Eventually you just don’t think of people as different. We are pretty much a family here and everyone gets on well… even if some of them speak 4 languages! It does get a bit loud at times though and we have “English speaking zones”. It’s nice to celebrate some of the national days… with the correct foods. As for the world cup earlier this year….. there was a LOT of interest. :-)


    1. Oh, I can only imagine how lively it was during the World Cup matches! I was not aware that you had such a broad boarder base. That must be a joy. “English Speaking Zones” made me chuckle. Thanks, Tim!

  2. First of all, I love your family!! Such a beautiful group!!

    Secondly, we saw that same thing in the Dominican Republic. Now, if a white American went there, they would say Dominicans are “black”… But a Dominican would never say they were ‘black’ or African American… just Dominican. And, they discriminate against those that are darker (typically of Haitian descent, but not always). Some regions of the capital are noticeably “lighter” than others. I was shocked at the level of racism when I lived there. It is sad.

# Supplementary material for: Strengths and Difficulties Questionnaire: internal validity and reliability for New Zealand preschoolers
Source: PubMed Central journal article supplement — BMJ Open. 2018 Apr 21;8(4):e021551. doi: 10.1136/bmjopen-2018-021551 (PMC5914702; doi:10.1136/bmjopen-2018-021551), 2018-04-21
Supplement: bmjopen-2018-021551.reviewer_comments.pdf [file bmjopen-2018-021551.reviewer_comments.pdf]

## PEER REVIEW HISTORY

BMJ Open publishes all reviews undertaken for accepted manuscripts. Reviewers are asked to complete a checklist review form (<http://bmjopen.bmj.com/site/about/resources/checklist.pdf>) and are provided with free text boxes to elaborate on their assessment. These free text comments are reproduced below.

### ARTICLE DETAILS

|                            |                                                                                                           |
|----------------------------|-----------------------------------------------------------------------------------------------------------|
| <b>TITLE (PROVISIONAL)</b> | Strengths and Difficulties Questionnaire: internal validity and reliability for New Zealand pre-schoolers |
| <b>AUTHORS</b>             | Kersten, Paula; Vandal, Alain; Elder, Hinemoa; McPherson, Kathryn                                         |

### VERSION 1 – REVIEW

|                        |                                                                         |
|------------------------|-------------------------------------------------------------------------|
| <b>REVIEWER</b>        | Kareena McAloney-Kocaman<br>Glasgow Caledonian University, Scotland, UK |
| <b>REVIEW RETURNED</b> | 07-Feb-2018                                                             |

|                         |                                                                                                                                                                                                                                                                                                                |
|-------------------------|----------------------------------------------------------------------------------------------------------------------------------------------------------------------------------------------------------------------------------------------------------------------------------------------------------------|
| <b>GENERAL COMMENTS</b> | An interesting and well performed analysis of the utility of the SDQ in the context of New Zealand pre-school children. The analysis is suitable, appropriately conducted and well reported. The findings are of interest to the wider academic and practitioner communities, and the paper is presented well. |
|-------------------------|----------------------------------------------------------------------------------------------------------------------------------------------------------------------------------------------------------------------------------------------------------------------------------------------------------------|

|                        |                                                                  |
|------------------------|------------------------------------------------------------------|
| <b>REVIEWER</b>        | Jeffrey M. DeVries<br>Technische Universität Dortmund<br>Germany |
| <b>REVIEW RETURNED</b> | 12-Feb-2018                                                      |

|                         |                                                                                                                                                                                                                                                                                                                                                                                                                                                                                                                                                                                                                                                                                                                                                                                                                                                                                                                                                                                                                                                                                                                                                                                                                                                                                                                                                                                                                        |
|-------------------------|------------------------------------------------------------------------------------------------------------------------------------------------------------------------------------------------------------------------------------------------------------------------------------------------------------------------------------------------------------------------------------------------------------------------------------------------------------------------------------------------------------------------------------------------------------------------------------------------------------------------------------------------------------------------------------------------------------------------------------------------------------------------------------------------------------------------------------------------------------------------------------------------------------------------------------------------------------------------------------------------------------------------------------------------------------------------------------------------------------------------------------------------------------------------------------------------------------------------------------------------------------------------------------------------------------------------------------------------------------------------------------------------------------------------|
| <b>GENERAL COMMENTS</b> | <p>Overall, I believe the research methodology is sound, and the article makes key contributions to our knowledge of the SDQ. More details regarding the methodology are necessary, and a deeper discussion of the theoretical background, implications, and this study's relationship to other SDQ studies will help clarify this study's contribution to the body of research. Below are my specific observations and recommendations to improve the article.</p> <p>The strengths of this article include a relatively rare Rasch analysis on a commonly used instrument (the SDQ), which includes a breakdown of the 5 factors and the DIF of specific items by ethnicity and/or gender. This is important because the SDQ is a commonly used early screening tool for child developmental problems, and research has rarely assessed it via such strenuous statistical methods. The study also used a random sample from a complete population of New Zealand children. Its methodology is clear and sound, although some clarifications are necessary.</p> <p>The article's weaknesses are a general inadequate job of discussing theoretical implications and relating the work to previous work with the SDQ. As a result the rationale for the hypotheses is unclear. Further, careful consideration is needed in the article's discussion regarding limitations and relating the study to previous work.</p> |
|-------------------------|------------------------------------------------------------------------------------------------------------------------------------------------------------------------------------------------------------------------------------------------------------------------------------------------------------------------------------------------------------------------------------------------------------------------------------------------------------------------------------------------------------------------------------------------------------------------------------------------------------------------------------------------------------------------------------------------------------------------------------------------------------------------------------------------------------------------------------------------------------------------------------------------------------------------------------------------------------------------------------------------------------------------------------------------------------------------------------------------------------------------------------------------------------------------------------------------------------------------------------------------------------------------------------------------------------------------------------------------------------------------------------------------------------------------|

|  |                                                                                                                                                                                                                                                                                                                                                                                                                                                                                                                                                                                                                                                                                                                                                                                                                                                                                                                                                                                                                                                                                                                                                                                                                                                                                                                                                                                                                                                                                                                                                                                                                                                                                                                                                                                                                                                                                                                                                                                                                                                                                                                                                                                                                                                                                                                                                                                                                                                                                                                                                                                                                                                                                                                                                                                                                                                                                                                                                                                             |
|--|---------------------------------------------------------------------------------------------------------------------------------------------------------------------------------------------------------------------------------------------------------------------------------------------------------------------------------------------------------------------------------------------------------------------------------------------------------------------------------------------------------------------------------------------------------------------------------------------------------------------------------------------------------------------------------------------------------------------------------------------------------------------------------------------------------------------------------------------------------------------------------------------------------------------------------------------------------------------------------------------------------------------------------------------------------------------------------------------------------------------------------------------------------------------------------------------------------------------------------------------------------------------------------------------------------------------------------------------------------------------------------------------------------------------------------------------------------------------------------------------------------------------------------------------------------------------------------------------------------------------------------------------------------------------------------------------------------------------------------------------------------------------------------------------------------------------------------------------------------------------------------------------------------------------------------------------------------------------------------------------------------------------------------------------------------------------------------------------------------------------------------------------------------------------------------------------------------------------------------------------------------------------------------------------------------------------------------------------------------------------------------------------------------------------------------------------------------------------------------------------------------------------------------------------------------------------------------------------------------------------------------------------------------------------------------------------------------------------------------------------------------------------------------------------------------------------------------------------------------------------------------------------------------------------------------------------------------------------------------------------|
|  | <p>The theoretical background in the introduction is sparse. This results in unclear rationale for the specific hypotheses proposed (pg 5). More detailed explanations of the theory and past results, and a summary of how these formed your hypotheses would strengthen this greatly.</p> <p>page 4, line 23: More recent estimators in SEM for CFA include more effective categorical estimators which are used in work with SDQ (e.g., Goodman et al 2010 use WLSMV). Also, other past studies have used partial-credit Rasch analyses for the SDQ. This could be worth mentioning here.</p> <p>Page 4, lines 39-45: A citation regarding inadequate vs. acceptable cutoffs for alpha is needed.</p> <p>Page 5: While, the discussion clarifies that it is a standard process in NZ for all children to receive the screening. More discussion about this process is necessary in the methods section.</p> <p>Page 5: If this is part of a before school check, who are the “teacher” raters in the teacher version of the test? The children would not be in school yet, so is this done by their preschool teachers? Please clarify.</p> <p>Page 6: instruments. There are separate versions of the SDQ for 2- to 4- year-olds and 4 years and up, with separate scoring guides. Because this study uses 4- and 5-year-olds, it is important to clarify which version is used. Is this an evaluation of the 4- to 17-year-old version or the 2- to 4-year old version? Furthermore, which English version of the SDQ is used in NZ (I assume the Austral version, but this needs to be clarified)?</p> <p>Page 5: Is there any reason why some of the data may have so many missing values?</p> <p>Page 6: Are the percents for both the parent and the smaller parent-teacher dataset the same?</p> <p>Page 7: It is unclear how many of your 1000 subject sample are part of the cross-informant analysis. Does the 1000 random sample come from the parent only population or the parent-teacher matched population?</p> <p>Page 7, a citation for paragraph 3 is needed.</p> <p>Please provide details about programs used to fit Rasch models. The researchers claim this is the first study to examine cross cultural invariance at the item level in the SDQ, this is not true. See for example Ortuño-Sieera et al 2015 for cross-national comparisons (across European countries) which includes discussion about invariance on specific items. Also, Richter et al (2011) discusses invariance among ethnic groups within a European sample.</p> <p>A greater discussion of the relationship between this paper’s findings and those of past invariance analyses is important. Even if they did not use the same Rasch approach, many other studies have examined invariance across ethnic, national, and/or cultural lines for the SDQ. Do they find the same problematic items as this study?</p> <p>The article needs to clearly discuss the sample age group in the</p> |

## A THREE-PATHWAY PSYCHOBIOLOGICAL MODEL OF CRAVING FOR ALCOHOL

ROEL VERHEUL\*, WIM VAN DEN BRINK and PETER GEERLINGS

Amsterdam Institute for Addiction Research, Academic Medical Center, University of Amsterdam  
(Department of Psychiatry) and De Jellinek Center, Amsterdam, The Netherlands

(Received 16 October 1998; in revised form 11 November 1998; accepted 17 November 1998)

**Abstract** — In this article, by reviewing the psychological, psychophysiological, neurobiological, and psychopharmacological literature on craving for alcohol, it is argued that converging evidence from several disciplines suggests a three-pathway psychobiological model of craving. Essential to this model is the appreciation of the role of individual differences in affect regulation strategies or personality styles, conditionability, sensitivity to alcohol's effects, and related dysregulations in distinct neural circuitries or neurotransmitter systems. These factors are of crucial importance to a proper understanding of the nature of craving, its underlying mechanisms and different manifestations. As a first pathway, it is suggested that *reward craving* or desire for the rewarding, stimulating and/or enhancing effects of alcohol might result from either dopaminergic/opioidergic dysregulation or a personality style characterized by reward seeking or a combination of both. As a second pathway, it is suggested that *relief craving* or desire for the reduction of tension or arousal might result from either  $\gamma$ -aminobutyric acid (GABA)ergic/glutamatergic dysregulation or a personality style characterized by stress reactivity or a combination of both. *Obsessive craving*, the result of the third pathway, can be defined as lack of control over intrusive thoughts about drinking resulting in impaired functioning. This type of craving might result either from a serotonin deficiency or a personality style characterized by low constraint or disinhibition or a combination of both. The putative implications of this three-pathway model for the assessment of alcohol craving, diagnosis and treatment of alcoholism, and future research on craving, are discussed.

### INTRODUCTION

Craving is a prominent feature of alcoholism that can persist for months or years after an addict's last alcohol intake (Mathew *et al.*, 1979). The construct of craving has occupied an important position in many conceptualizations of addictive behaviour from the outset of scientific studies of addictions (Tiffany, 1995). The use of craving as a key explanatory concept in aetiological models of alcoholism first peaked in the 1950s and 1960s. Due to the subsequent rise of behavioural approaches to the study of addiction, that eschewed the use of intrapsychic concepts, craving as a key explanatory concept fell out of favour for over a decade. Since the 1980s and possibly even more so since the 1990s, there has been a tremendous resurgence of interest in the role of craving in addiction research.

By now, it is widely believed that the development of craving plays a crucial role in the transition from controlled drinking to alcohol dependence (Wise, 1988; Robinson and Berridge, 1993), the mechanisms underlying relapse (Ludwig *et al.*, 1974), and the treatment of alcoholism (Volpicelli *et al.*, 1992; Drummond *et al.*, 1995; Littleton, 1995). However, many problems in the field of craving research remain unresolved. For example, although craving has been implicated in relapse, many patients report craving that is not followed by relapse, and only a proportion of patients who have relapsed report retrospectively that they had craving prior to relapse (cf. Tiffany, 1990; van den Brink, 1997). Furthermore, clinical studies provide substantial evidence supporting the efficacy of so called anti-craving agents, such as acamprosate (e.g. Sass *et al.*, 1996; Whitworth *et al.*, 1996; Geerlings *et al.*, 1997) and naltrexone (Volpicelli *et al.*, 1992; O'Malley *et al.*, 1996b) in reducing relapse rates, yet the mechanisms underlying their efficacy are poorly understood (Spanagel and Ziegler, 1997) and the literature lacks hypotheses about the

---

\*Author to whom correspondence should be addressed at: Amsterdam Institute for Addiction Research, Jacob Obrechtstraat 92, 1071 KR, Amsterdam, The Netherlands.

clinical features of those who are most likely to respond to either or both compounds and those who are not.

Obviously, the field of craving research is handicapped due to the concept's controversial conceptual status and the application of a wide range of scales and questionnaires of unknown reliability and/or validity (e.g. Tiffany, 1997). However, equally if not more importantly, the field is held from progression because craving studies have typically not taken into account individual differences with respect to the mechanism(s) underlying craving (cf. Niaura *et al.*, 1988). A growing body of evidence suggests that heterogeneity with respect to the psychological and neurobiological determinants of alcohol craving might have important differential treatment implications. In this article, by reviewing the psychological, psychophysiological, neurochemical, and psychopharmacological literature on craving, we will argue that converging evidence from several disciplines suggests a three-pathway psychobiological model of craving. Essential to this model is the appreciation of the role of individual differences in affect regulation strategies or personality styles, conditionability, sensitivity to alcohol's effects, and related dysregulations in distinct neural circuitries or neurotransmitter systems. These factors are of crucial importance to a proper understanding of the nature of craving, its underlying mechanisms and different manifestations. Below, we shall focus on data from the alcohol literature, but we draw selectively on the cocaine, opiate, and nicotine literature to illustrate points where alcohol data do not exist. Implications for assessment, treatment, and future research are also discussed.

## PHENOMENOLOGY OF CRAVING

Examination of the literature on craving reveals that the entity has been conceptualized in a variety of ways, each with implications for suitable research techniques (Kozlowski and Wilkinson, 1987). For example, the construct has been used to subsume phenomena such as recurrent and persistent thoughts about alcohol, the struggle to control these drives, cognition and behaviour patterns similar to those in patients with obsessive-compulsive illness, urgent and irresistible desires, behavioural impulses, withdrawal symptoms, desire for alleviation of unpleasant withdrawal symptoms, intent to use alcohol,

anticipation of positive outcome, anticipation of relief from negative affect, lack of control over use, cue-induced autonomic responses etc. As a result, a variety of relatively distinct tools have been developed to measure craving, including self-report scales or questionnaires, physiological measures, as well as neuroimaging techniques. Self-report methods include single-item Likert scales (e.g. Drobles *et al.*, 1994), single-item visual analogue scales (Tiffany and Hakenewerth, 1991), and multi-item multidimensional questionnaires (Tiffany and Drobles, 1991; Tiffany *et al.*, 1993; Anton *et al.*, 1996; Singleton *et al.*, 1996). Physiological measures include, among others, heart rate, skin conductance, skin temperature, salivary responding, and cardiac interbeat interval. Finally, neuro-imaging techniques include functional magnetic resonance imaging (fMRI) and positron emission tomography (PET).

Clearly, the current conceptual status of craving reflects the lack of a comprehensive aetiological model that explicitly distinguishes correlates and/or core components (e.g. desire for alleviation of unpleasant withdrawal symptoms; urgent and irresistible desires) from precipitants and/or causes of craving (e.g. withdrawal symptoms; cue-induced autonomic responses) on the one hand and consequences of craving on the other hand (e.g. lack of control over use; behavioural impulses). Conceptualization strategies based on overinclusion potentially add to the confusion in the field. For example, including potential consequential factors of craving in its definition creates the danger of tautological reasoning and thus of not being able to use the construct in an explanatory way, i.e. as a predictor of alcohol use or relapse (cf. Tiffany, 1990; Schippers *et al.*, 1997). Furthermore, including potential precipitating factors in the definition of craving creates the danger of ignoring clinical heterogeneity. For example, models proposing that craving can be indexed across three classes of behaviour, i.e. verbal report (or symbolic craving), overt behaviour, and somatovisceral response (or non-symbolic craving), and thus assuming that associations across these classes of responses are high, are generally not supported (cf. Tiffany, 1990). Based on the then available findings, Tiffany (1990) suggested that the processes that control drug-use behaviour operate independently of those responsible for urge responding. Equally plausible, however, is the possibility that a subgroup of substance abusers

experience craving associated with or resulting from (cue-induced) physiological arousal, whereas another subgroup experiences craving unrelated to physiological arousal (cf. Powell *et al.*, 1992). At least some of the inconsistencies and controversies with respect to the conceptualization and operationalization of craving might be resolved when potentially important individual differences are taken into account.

Thank you for sharing the diversity of your family. I just LOVE it!

  3. From the time of the first hunter gathers people of one tribe were suspicious of others. Throughout human history family always came first, and still does for most of us. We sometimes divide ourselves by race, sometimes ethnicity, or religion, or economic class.

    I grew up in 1950’s America, were the most Barack Obama could aspire to be was an elevator operator. It only 300 years but America has started to learn that integration, knocking down the barriers that separate us, is the only way we can become truly united, and civilized.

    People of religious faith need to see we are all children of God. People of non-religous faith need to learn that we are all members of the same species, homo-sapian.

    This may take another 300, or 3,000, years. I have seen enough progress over my life to have confidence it will happen some day.

    Your family is the kind of example the rest of us need to learn from, and follow.

    1. You are right, Ed, if so much can change in such a short time then there is hope for it getting better sooner rather than later. I think you are on to something there… when family comes first, as it should, there will be deeper more lasting effects. Thank you for your kindness.

  4. yep, we’re with you! our oldest daughter (almost 6) will color us and just say darker/lighter… I sure hope the World just gets rid of ‘race’ it’s more ethnicity/background than ‘skin color’. *sigh* LOL!